High-End Panty Raids Hit Stores

Panty raids aren't just for horny college kids anymore.

Industry groups and law enforcement officials say both amateur thieves and organized crime rings are to blame for thefts of loads of lingerie from high-end clothiers like Victoria's Secret in recent years. And some reports suggest that lingerie heists are on the rise.

In 2006, Victoria's Secret reported more than $2.7 million worth of bras stolen, a more than 80 percent increase over the previous year, according to the online security newsletter CSOOnline.com.

Although the company declined to comment, an executive at Victoria's Secret disputed the accuracy of those numbers and maintained that the number of thefts has remained relatively stable from year to year.

But in headline-grabbing operations over the last two years, bra bandits and panty pirates have pulled off thefts of thousands of dollars worth of high-end lingerie.

The thefts are more big business than fraternity prank, fueled by the lure of making a killing selling stolen undergarments on the black market and on eBay.

"It's an easily concealable item and a very high resale value," says Casey Chroust, senior vice president of retail operations at the Retail Industry Leaders Association.

Just last Friday, about 500 pairs of panties, three dozen pairs of mesh shorts and three dozen tank tops were snatched from a Victoria's Secret store at a mall in Jensen Beach, Fla.

"The shelves in the store were empty, and we are still investigating the incident," said Rhonda Irons, public information officer for the Martin County Sheriff's Office. "We have no known suspects at this time."

That same store has been targeted several times in the past few years, with thieves taking 400 pairs of pink designer panties in January 2007.

Last March, two men and a woman grabbed almost $12,000 worth of panties and bras, stuffing them into booster bags lined with aluminum foil to circumvent magnetic sensors at a Victoria's Secret store in New Jersey's Newport Center Mall.

"That store gets hit all the time," a worker at a nearby Frederick's of Hollywood told The New York Times. "All the time."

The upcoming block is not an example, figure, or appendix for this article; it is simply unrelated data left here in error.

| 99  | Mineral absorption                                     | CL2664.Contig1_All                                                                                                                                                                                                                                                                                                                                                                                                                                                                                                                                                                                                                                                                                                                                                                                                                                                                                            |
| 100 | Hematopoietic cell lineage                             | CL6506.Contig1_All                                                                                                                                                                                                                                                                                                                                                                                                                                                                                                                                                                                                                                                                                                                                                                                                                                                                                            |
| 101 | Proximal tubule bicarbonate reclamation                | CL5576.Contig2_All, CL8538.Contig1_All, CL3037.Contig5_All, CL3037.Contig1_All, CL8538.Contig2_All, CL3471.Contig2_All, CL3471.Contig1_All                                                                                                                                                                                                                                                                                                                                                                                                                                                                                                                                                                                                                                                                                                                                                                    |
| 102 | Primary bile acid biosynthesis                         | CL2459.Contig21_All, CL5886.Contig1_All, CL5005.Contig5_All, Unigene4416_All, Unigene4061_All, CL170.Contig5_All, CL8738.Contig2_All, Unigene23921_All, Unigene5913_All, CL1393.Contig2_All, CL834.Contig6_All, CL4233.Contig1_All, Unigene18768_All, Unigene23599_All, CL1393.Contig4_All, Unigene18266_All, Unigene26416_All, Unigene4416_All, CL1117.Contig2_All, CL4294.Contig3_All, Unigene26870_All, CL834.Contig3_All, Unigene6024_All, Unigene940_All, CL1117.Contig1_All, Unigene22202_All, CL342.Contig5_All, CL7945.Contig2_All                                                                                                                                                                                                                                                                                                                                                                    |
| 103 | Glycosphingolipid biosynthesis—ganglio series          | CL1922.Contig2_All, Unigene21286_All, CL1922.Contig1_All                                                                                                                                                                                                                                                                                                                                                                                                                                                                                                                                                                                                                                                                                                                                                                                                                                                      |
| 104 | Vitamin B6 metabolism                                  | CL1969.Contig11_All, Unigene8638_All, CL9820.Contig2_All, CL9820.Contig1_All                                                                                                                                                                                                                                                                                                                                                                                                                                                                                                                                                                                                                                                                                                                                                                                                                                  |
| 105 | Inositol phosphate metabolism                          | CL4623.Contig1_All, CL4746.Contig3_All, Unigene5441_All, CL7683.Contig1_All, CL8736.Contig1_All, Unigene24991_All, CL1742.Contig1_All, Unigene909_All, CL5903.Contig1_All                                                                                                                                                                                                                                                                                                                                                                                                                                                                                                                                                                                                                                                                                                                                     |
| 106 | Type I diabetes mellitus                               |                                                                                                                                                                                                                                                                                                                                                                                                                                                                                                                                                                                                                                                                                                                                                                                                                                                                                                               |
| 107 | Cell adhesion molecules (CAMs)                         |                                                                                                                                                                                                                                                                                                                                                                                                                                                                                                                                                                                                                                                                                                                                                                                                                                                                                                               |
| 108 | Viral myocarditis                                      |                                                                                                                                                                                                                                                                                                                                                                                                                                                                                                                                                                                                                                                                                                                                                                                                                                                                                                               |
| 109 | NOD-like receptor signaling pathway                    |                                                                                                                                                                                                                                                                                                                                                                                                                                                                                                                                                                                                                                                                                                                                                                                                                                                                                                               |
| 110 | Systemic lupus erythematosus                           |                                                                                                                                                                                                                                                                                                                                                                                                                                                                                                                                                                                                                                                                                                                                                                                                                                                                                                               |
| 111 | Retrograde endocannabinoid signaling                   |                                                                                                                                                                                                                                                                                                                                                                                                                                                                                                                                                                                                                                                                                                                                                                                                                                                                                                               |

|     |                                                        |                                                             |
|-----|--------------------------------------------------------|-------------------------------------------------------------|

But that $12,000 haul wasn't even close to a record. Last May, federal agents and King County Sheriff's investigators recovered a $1 million load of Victoria's Secret lingerie and clothes when they foiled an attempted theft of a cargo truck in Seattle.

Easy Theft, Big Payoff

Unlike bulky clothing and flashy jewelry, lingerie is relatively easy to steal, and hundreds of $75 bras can easily be shoved into a large shopping bag, according to law enforcement officials.

"Brand lingerie and high-end jeans are very hot items," says Joseph LaRocca, the vice president of loss prevention at the National Retail Federation. "What items resell are those that are highly desirable.

Overall retail theft increased from $37.5 billion worth of goods in 2005 to $40.5 billion in 2006, the most recent statistics available, according to LaRocca.

"Organized retail crime has been a big problem," says an executive at a lingerie company who asked to remain anonymous. "It's a low-risk, high-reward activity, and it often flies under the radar screen."

Amateur thieves who steal several items at a time have different motives, says criminal psychologist Will Cupchik, the author of "Why Honest People Shoplift of Commit Other Acts."

Men who steal lingerie tend to be insecure about their masculinity or lack confidence in their romantic relationships, Cupchik said.

"If a man doesn't feel particularly manly or is satisfying his woman, he might just decide that he'll get her something to spice things up," he explained. "But out of anger or resentment, it's possible that he'll decide to steal it instead of spending money on it."

Women who steal lingerie are often driven by loss substitution, meaning they're looking to replace something that's been taken from them.

In studies Cupchik conducted in the 1980s and repeated in 1997, he found that almost three-quarters of shoplifters were dealing with a personal crisis, like cancer. "Stealing bras is an invasion of the department store, and cancer can be considered an invasion of the host body."

One of his patients was a woman in her 40s who was a compulsive thief. She told Cupchik that the first thing she stole was lingerie, even though she didn't wear lingerie. The kleptomania occurred just as her husband suffered from prostate cancer and became impotent.

"My hypothesis was that she stole lingerie because it's supposed to turn men on," Cupchik said.